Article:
Proclaiming the Resurrection is Profoundly Political – Paul M. van Buren on “Religion,” “Politics,” and the True “Spirituality” of Easter

I present the following without comment, except to supply an enthusiastic “Awwwwww, yeah!”

Seriously, though, Paul van Buren’s work – all of it – deserves to be - and needs to be - much more widely read today. Bold is mine in the below.

Paul M. van Buren, A Theology of the Jewish-Christian Reality: Part III, Christ in Context (San Francisco: Harper & Row, 1988), 129–30.

Distant Shores Media/Sweet Publishing [CC BY-SA 3.0],
via Wikimedia Commons
The apostolic witness to Easter is insistent that the risen one is no other than the crucified one. But crucifixion was unquestionably the official form of public execution for political crimes, primarily for rebellion against the political power of the Roman empire. To proclaim Jesus alive, therefore, was a profoundly political act. It was to affirm God’s reaffirmation of one who died in conflict with the misuse of political power and so to affirm God’s cause in the just use of human power. That was the “spiritual” import of Easter faith.

Easter, then, was “spiritual” in the precise sense of being an event of God’s persistence in directing and enticing his creation towards his own purpose for its own good. It was spiritual in the precise sense of being part of God’s worldly concern for this world. It was spiritual in being a piece of this world directed in the service of God’s spirit. To call it spiritual in some other sense — perhaps in the sense of being immaterial, unworldly, not a part of the history in which this world has to do with God — would be to see it quite otherwise.

Yet just this happened in the history of the Church, with the result that it is common for Christian’s today to think of “religion” and “politics” as antithetical terms, areas of existence and points of reference that can have nothing to do with each other. So Easter and the cross itself are extracted from the political world in which they happened, and the seriousness of God’s conflict with this world and the misuse of human power is diminished. With that conflict no longer centered in the heart of human activity — the exercise of power and the workings of the political ordering of human affairs — its focus was reduced to that of human sin conceived of primarily as individual failures on the personal level. So conceived, Jesus is seen to have died only for the personal sins of the individual. He is no longer a victim of God’s conflict with the injustices of the Roman Empire, and he is risen only into the personal faith of the individual believer in his or her personal salvation, no longer the living evidence of God’s persistence in pushing his cause for the sake of a better ordering, and therefore unavoidably a better political ordering, of his creation. A Church so oriented will of course take personal sins seriously, but it will be all too free to do so in blindness to the massive sin of the misuse of human power which manifests itself primarily in the social, political, and economic order[*] (and here we give credit to the Liberation theologians for seeing this so clearly). … If Easter was not a worldly victory, as it clearly was not, then let it become a spiritual victory. The world can go its own way. Thus is God’s conflict with this world restricted to the private and the power of God for making this world right reduced to the realm of personal development and fulfillment. This new “privatized gospel”[**] may serve the cause of a church wishing to gain a hearing in a bourgeois culture. It can hardly serve the cause of God in the service of which Jesus was crucified and in confirmation of which he was raised.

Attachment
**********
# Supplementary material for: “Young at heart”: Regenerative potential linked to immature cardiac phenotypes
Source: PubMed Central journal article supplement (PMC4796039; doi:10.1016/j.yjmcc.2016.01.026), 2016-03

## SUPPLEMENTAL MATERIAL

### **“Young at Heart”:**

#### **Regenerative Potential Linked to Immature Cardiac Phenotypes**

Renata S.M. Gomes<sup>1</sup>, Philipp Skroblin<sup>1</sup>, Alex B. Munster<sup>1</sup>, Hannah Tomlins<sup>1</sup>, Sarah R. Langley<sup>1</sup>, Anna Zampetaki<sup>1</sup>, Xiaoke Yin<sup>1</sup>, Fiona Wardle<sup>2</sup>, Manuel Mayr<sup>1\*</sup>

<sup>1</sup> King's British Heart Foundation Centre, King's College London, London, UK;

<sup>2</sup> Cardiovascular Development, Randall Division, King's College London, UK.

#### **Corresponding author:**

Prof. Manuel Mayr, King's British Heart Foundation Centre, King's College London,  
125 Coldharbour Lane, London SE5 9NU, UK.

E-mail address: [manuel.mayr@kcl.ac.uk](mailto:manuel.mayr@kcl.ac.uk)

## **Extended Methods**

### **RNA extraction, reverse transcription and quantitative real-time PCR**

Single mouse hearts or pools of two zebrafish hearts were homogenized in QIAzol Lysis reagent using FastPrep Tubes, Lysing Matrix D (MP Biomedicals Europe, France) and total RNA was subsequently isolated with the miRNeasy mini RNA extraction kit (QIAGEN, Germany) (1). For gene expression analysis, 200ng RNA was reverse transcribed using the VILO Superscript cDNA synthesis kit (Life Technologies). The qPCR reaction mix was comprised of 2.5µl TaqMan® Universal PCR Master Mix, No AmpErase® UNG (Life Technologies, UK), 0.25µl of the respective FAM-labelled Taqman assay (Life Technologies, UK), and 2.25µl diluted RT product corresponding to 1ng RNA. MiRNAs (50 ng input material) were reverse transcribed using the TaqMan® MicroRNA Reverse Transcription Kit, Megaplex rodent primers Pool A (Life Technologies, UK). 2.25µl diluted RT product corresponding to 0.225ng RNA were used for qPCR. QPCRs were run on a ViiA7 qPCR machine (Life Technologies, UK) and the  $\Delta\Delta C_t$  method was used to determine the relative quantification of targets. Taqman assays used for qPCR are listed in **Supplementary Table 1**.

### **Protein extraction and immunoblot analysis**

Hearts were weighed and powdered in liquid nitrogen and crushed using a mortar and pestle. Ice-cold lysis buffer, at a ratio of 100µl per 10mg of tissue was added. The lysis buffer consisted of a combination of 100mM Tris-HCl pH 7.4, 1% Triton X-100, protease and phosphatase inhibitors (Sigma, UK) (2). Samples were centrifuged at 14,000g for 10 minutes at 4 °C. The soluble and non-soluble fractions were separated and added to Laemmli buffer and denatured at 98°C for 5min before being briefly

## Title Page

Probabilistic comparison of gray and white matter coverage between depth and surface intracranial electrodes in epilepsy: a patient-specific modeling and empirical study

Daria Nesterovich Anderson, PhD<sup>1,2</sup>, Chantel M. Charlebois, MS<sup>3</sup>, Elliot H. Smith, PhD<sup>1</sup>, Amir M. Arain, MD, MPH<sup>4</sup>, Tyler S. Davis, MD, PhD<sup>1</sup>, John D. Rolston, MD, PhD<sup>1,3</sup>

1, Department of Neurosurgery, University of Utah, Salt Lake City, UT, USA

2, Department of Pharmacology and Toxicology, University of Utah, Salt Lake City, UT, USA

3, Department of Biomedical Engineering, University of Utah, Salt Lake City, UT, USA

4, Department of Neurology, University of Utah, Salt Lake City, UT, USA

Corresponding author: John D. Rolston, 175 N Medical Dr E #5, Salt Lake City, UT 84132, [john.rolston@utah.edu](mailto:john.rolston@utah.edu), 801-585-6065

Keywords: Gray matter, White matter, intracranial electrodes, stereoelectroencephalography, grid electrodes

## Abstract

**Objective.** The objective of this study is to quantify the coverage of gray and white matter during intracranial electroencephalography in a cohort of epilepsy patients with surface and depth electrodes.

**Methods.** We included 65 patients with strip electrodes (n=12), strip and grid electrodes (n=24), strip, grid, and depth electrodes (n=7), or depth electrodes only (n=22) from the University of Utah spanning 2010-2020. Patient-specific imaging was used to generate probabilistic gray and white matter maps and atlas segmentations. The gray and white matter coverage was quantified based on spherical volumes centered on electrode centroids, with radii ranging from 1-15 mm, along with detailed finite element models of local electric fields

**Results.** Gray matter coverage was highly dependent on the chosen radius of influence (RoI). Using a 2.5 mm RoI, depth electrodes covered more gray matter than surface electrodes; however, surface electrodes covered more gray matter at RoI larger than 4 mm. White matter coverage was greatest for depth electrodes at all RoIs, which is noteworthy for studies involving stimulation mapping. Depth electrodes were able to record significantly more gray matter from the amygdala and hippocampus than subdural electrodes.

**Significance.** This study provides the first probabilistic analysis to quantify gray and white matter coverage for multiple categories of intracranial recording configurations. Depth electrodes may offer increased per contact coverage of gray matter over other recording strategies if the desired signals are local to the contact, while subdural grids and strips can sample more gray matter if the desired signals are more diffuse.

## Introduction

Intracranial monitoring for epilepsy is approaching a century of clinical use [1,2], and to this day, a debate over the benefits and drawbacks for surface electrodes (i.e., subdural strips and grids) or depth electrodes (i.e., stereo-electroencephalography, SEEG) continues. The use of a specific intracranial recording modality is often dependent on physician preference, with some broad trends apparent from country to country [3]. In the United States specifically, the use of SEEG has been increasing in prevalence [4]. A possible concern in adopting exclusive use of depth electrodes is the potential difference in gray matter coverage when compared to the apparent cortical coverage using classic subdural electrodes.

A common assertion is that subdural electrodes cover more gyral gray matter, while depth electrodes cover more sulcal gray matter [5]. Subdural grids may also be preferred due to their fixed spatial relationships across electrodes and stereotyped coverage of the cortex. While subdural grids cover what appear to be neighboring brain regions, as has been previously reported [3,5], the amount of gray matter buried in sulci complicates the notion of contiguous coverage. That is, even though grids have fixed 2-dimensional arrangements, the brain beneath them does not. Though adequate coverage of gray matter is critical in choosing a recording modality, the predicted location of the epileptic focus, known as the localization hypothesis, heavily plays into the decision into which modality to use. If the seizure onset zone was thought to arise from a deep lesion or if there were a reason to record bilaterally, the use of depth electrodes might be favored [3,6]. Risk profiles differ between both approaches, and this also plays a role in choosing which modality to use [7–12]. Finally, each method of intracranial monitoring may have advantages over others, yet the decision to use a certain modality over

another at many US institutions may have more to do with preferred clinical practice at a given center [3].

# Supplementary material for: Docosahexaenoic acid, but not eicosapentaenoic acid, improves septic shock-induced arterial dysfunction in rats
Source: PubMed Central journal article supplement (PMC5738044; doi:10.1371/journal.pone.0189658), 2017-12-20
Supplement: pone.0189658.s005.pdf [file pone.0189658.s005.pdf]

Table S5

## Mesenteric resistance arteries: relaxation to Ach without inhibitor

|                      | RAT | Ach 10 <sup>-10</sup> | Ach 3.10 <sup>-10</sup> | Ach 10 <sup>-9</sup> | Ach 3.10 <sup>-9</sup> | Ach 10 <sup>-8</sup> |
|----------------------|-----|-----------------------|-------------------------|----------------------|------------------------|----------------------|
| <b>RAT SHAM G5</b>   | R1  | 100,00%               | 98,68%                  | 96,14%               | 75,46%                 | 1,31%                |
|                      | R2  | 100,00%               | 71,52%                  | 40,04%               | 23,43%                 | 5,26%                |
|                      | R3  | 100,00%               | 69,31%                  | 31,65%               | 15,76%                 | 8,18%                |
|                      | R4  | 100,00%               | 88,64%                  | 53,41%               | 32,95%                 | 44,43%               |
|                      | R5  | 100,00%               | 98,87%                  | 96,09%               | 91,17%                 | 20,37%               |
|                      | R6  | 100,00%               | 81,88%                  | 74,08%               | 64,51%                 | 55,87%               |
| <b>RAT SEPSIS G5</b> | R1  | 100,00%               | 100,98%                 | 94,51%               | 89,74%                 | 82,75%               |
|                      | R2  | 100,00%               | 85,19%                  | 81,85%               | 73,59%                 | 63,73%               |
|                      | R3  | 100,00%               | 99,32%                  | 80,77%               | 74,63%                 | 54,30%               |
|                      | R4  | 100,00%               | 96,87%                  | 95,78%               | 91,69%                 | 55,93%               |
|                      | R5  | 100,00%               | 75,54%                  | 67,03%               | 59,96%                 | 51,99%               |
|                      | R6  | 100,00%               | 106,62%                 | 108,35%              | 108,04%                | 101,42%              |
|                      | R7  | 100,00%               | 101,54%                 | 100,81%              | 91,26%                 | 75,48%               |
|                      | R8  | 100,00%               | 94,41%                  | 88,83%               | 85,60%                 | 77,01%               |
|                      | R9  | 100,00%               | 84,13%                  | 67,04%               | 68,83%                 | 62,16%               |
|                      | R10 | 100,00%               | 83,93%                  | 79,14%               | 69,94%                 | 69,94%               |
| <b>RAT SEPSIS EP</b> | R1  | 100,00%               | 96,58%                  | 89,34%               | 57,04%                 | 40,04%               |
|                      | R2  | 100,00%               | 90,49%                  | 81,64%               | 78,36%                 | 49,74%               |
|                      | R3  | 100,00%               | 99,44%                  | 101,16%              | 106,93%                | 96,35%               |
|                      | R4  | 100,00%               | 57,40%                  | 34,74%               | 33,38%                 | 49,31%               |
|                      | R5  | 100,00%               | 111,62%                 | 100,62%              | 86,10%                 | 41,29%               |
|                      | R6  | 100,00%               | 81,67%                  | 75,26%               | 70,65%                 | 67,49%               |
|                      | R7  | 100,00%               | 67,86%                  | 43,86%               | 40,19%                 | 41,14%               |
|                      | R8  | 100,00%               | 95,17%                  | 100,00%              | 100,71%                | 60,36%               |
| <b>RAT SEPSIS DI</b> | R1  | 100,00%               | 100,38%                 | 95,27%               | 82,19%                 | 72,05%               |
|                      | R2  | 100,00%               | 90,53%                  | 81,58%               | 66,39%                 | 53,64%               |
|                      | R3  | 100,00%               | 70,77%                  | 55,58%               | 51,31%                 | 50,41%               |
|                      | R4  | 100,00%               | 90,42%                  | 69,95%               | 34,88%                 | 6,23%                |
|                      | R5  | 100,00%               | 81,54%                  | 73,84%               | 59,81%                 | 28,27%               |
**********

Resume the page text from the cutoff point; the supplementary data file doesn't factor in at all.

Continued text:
[*] I can’t help commenting: See how clearly PMvB diagnoses the basic dynamic at play in evangelical Christianity in the United States in the second decade of the 20th century, nearly 30 years after he wrote this!

[**] We’re one short step here from saying “commodified gospel.”

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